The Indiana Pacers have been the victims of some awfully bad timing lately. The same could be said for former Butler University basketball star Shelvin Mack.
Both have been hit hard by the National Basketball Association lockout that some think could stretch into the new year—and quite possibly beyond.
The lockout has hit just as the Pacers seemed to be turning the team around. A playoff appearance last season reinvigorated a beleaguered fan base, and there was real hope that the team’s attendance could claw from the bottom quartile of the league.
Making the timing of the lockout even worse is the Indianapolis Colts’ unexpected swoon. With the Colts in the dumps and media darling and fan favorite Peyton Manning on the shelf, media and fan attention on the Pacers this season would have been more intense in central Indiana than it has been since 2004.
I’m a lifelong resident of central Indiana so it pains me to say this, but few towns flock to a winner—and run from a loser—like Indy. Don’t get me wrong. Hoosiers love their sports and teams. They just love them a whole lot more when they’re winning. And a Hoosier sports fan in love is one much more apt to pull a few dollars out of his pocket to spend on tickets, merchandise and whatever else goes with the game experience.
The Pacers could have been poised to capitalize on this trend. And few NBA teams could use more of a boost. Depending on whose numbers you believe, the Pacers have lost between $16 million and $30 million annually in recent years.
At least this year’s wound wasn’t entirely self-inflicted. NBA Commissioner David Stern and NBA Players Association boss Billy Hunter are owed a big part of the blame.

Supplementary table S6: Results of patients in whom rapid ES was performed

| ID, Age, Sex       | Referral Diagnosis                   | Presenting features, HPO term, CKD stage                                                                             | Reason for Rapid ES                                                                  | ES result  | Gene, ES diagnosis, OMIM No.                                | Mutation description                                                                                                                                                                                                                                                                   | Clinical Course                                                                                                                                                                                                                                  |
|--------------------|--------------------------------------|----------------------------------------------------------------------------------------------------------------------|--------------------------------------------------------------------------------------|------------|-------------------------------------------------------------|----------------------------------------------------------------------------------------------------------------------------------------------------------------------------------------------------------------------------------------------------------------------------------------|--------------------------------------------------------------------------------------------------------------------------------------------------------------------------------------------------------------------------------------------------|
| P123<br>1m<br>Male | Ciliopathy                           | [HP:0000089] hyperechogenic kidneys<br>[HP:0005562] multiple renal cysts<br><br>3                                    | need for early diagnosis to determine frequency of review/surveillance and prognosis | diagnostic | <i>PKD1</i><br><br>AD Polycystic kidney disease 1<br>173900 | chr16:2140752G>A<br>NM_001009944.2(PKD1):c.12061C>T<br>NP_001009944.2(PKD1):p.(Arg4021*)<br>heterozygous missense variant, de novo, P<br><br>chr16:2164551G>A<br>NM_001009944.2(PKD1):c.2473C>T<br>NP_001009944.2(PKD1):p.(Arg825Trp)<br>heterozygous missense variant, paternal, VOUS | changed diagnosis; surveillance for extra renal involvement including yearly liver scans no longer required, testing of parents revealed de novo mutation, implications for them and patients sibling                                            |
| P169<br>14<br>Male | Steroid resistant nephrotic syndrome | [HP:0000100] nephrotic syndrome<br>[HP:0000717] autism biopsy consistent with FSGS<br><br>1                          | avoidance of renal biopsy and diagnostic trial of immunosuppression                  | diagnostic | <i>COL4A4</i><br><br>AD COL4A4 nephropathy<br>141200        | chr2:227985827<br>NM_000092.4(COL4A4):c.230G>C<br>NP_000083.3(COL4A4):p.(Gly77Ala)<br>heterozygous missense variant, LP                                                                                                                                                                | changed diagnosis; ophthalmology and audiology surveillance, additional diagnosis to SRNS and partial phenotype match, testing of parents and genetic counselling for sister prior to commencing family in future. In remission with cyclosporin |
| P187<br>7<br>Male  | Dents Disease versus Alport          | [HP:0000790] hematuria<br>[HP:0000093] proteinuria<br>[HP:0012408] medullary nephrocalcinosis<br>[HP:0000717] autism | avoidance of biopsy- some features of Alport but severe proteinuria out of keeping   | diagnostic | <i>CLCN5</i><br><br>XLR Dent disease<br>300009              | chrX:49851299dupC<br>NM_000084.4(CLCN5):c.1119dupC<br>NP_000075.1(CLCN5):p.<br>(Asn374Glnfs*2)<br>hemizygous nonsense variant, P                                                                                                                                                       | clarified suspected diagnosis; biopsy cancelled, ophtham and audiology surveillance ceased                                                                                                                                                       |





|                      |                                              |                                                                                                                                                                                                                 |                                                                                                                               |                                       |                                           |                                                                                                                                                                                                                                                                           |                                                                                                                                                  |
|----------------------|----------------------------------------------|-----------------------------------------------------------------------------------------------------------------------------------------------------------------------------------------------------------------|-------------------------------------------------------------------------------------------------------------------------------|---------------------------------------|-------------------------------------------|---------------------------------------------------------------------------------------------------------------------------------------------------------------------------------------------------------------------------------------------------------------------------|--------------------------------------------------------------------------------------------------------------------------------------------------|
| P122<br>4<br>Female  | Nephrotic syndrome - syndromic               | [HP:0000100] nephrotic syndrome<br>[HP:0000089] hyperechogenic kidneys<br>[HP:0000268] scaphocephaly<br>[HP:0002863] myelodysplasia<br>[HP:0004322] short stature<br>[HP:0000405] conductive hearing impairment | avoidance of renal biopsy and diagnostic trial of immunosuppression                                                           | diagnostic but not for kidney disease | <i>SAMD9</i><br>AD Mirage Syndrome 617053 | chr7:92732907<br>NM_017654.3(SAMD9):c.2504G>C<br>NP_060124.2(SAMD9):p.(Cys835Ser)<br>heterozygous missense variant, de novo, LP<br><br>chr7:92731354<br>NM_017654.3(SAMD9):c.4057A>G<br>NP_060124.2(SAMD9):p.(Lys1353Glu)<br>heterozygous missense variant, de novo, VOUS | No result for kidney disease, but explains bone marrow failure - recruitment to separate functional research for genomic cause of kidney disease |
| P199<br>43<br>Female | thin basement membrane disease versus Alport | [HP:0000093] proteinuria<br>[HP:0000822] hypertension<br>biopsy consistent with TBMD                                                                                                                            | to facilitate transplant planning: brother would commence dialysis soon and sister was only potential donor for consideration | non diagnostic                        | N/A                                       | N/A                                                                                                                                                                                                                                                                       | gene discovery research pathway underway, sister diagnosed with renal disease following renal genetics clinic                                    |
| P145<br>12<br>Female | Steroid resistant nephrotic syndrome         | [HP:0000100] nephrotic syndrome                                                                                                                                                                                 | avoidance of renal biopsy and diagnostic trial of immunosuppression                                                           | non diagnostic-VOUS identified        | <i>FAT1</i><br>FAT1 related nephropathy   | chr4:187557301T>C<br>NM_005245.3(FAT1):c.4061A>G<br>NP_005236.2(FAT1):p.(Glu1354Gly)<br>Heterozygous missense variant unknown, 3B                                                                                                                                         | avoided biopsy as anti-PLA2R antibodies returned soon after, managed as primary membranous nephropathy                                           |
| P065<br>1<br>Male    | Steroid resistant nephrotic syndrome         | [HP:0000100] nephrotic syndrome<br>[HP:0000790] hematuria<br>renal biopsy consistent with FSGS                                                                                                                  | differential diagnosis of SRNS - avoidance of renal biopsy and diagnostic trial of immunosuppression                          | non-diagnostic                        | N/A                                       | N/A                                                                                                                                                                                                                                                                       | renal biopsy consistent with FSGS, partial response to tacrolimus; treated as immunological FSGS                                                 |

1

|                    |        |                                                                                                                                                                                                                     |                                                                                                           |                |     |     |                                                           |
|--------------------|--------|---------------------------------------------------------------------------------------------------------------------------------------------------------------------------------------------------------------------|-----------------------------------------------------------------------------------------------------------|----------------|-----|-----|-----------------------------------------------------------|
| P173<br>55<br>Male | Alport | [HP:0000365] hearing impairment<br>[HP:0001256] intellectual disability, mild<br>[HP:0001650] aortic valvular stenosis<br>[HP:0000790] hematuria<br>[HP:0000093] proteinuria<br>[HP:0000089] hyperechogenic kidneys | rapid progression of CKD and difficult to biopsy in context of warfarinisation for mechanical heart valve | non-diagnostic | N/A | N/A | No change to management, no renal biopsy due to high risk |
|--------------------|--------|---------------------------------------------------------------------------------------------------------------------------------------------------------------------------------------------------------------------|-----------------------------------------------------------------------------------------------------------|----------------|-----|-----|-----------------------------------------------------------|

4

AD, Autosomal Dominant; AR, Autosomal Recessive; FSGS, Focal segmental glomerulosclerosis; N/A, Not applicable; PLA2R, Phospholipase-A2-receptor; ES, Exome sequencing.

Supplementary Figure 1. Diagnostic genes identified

I’m not sure the same can be said for Mack, who fled Butler after three glorious years for the riches of the NBA.
His first miscalculation was thinking he’d be a first-round draft pick, which would have earned him a guaranteed contract. Second-round draft selections get no such guarantee.
There’s been much debate about Mack’s NBA prospects. Some love his size, strength and jumping and shooting ability. Other NBA scouts aren’t yet convinced.
That showed when Mack slipped to the second round, going 34th to Washington in June’s NBA draft. But miscalculating his draft status wasn’t his biggest mistake. Not by a long shot.
Just about every NBA analyst and insider predicted long before Mack declared for the draft in April that this would be a long, hard-fought lockout. Indiana University law school dean Gary Roberts predicted months ago that the entire NBA season would be wiped out. Roberts, who was a National Football League attorney and has been involved in several labor disputes, might have been a voice Mack should have listened to last spring.
You would have thought a smart guy like Mack would have heeded the age-old advice—stay in school. That’s especially good advice—for any student—when the job market is questionable and there’s much more in college to learn.
So Mack works out in his native Kentucky with no paycheck and little prospect of playing in a meaningful basketball game this year. He could have been dressed in Bulldog blue right now, improving his skills and his draft status.
And the Pacers?
Well, if there’s a short-term upside, it’s that they’re not losing as much money this year since their biggest expense—player salaries—is gone.
But long-term, the Pacers are missing an invaluable opportunity to put the team back in the media spotlight and grab the attention of a fan base hungry for something to cheer about.